In 2001, the MEXT (Ministry of Education, Culture, Sports, Science and Technology) established a committee to address special needs education reform, in order to response to the increasing number of children with Learning Disability (LD), Attention Deficit Hyperactivity Disorder (ADHD) and High-Functioning Autism (HFA) in regular classrooms, and the increasing number of children with more complex and severe disabilities in special schools.

The 2003 Report proposed to:

In 2004, public schools started to establish “in-school committee” to establish a support system and appoint a “special needs education coordinator.” The “in-school committee” also began to make “individualized education plans (IEP)” and “individualized education support plans (IESP)” for children with disabilities, consulting with their parents and related institutions.

In 2006, special education extended educational supports in resource rooms to the children with developmental disabilities, such as LD, ADHD and HFA. The number of the students with developmental disabilities in special needs education has increased even more rapidly since then.

Special Needs Education (2007-)

In April 2007, “special needs education (tokubetsu shien kyōiku)” formally started in order to meet the individual needs of children with disabilities, replacing “special education” which provided special location of education, depending on child’s type and degree of disabilities. Special schools for the blind, special schools for the deaf and special schools for children with orthopedic disabilities, intellectual disabilities and health impairment were integrated into “special needs schools,” which can manage two or more disabilities in order to respond to the increasing number of the students with multiple disabilities. Children with developmental disabilities are

It became mandatory that parents should be consulted when they decide on which school their child attend. Elementary and middle schools are required (though not mandatory by law) to provide special needs education for children with disabilities, based on the individualized education plan (IEP) as well as the individualized educational support plan (IESP) from infancy through the graduation of school. In 2007, it also became compulsory that each school has a special needs education coordinator.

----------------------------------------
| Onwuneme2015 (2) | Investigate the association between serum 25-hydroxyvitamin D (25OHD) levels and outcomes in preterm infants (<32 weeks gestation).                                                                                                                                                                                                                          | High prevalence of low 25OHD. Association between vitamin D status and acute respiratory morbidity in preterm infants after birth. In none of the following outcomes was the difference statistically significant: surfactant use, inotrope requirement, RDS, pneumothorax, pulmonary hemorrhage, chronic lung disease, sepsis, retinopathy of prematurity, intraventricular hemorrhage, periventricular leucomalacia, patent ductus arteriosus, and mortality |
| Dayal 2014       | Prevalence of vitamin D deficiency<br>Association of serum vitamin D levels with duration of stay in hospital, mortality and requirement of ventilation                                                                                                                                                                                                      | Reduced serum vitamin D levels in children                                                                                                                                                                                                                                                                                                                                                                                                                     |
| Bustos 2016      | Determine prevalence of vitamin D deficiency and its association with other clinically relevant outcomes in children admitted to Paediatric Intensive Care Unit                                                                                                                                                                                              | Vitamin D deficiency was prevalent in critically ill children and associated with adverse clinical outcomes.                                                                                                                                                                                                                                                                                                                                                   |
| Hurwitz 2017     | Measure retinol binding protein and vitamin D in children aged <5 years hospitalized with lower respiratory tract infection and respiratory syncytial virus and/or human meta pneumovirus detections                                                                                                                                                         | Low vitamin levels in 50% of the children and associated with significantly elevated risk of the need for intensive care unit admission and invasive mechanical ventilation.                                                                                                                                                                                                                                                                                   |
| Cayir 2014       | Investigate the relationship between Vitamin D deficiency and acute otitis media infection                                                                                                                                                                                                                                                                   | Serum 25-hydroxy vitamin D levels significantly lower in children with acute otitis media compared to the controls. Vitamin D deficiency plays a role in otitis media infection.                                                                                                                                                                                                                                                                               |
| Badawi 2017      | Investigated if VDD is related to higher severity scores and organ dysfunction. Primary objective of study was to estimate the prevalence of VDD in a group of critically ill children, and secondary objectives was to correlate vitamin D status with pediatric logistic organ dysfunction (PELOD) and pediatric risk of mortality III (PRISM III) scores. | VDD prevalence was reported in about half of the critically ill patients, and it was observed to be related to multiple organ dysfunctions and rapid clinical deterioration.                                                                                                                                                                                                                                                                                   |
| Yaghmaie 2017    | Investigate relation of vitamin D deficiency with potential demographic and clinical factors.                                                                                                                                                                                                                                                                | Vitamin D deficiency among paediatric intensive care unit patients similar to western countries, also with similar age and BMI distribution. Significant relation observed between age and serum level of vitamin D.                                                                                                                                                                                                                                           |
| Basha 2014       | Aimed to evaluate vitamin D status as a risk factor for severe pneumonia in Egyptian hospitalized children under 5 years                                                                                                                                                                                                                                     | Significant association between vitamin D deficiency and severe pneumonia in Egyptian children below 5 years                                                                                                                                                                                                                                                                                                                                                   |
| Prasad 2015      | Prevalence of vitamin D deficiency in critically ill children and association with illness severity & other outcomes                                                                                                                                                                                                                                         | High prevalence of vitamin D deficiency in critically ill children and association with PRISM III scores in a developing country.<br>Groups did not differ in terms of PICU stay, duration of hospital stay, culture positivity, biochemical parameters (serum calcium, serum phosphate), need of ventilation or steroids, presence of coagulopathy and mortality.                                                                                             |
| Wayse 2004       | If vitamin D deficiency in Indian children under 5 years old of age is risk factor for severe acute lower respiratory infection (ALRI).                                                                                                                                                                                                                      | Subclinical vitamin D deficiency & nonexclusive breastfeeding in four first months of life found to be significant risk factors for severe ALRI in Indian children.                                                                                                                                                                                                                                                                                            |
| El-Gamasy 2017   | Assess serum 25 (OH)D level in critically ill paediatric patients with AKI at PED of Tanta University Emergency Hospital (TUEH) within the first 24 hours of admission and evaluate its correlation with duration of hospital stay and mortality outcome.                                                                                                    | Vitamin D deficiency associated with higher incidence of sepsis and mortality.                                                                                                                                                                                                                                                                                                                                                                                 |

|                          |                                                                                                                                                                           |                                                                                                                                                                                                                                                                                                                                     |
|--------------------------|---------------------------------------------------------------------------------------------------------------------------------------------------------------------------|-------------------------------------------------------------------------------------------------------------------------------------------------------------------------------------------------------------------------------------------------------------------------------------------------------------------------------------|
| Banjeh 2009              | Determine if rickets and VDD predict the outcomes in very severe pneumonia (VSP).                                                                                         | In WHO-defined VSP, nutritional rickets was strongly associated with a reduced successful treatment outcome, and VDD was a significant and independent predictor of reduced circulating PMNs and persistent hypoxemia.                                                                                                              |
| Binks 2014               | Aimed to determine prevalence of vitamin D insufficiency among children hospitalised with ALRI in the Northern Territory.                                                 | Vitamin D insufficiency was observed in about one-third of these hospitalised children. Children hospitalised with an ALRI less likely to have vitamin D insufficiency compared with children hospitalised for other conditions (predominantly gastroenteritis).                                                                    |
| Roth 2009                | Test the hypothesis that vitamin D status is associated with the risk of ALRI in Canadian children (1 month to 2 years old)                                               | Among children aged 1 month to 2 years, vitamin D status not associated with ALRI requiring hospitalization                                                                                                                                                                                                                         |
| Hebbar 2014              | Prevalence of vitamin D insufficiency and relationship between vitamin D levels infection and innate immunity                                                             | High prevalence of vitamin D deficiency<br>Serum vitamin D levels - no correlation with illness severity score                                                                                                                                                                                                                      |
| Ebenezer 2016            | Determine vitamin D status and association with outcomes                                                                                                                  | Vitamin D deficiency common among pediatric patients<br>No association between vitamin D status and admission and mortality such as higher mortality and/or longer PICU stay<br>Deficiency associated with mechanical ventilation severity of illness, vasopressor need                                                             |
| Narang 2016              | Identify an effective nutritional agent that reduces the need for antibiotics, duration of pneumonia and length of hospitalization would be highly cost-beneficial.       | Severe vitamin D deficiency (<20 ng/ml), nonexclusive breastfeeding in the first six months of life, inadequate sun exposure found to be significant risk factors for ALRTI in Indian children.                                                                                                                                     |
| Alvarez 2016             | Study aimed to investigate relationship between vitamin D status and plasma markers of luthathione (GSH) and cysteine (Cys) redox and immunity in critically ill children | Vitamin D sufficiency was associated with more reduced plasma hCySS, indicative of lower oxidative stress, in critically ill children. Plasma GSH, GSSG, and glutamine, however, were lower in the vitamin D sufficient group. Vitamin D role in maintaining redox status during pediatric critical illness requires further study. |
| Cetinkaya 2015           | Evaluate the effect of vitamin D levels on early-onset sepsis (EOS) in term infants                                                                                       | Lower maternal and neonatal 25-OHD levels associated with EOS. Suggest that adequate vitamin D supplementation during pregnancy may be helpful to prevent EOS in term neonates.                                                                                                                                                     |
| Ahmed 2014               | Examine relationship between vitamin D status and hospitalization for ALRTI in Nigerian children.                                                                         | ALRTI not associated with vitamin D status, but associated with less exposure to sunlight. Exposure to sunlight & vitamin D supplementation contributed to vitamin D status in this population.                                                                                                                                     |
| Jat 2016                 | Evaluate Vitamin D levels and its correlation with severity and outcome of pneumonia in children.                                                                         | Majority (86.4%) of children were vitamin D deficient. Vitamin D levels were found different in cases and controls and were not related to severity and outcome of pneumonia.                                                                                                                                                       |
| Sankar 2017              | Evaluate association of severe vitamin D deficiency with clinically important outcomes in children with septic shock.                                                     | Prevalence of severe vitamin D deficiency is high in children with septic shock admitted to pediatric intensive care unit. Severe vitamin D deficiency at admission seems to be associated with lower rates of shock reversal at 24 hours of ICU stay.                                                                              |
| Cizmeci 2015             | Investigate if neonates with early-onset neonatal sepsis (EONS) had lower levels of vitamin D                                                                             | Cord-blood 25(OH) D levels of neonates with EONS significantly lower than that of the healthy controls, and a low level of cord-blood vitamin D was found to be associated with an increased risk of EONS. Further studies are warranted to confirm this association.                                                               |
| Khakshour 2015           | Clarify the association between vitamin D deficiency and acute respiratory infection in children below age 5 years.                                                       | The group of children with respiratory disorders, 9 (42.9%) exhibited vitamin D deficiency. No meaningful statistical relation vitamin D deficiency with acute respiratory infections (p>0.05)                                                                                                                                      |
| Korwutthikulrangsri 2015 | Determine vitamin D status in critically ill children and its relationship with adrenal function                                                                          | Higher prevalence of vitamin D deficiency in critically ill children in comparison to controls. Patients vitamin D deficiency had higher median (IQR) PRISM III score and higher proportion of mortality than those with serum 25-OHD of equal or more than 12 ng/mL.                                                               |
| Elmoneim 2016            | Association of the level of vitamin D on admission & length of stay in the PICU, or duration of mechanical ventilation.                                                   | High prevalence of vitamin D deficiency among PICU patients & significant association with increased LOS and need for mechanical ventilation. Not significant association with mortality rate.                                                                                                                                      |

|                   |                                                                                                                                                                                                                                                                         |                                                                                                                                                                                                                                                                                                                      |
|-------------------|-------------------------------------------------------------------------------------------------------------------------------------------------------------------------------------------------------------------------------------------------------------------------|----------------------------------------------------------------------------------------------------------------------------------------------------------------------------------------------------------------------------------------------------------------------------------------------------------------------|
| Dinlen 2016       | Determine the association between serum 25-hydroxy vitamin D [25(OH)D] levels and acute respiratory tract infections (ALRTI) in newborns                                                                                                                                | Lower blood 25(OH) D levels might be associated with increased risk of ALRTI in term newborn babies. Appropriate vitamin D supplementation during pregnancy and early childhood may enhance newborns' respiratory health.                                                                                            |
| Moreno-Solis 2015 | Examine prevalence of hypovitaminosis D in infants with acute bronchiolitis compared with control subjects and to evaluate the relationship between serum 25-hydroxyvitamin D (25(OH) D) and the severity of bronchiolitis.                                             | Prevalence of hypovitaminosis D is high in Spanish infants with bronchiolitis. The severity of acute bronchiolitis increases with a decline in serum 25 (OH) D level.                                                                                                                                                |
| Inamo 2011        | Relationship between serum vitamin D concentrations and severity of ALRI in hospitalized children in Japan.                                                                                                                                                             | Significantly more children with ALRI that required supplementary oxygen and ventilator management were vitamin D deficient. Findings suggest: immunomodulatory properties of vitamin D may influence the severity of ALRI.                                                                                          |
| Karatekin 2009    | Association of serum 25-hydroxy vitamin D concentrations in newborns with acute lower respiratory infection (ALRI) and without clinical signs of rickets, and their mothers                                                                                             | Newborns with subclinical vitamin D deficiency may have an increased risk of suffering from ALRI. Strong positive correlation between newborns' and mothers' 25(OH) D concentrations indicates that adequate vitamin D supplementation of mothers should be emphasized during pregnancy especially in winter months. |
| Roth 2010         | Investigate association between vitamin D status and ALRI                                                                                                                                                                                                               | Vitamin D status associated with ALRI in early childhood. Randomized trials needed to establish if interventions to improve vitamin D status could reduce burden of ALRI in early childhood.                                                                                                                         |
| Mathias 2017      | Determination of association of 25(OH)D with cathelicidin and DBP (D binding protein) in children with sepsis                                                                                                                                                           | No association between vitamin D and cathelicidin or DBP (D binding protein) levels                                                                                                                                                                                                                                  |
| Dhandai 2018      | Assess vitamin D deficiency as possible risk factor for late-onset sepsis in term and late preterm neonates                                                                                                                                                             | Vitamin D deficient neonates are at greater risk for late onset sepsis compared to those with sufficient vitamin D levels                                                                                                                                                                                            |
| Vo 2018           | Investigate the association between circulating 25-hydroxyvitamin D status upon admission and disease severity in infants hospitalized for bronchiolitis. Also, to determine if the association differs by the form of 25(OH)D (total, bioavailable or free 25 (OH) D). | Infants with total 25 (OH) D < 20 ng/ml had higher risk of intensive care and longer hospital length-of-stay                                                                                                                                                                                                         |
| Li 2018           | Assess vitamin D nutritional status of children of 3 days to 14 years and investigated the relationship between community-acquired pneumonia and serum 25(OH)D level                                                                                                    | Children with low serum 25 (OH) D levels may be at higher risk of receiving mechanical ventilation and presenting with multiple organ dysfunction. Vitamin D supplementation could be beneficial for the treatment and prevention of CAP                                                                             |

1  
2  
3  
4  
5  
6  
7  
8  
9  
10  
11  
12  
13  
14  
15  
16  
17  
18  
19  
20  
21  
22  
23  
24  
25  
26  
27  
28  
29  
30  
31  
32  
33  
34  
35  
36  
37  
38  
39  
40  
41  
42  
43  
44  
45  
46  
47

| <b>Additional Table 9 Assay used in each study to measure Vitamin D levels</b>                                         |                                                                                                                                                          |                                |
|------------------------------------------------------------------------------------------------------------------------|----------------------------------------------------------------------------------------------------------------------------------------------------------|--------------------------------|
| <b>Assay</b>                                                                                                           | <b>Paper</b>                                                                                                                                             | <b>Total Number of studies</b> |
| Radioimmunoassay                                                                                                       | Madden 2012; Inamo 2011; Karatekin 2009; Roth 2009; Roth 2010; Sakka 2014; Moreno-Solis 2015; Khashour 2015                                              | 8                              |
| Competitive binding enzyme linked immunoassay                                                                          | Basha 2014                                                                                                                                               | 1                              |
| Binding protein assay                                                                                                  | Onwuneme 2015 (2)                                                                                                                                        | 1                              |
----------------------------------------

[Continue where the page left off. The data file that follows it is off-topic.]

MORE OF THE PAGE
Many regular schools lack adequate facilities and services for children with disabilities. School facilities are not barrier-free for children with wheel chairs or other mobility problems. To decide which schools in their jurisdiction should make the renovations and accommodations for students with disabilities, each municipal board of education appoints a Committee of Advisors for the Schooling for Disabled Children, consisting of teachers, physicians and psychologists. The Committee advises parents on the best interests of the child, and makes recommendations to the board regarding the kind of school that disabled children should attend.

Inclusive Education Obligatory in 2011

The board of education used to make the final decision on which school a disabled child would attend, and was able to legally deny access to the regular schools, citing inadequate accommodation and staff. In 2007, it finally became mandatory that the municipal boards of education and schools listen to the parents’ opinions when they decide on which school a disabled child will attend. Since 2011, the local governments have been required to place children with disabilities in the regular classroom as much as possible if their parents request the arrangement, as in the 1975 Individuals with Disabilities Education Act in the United States.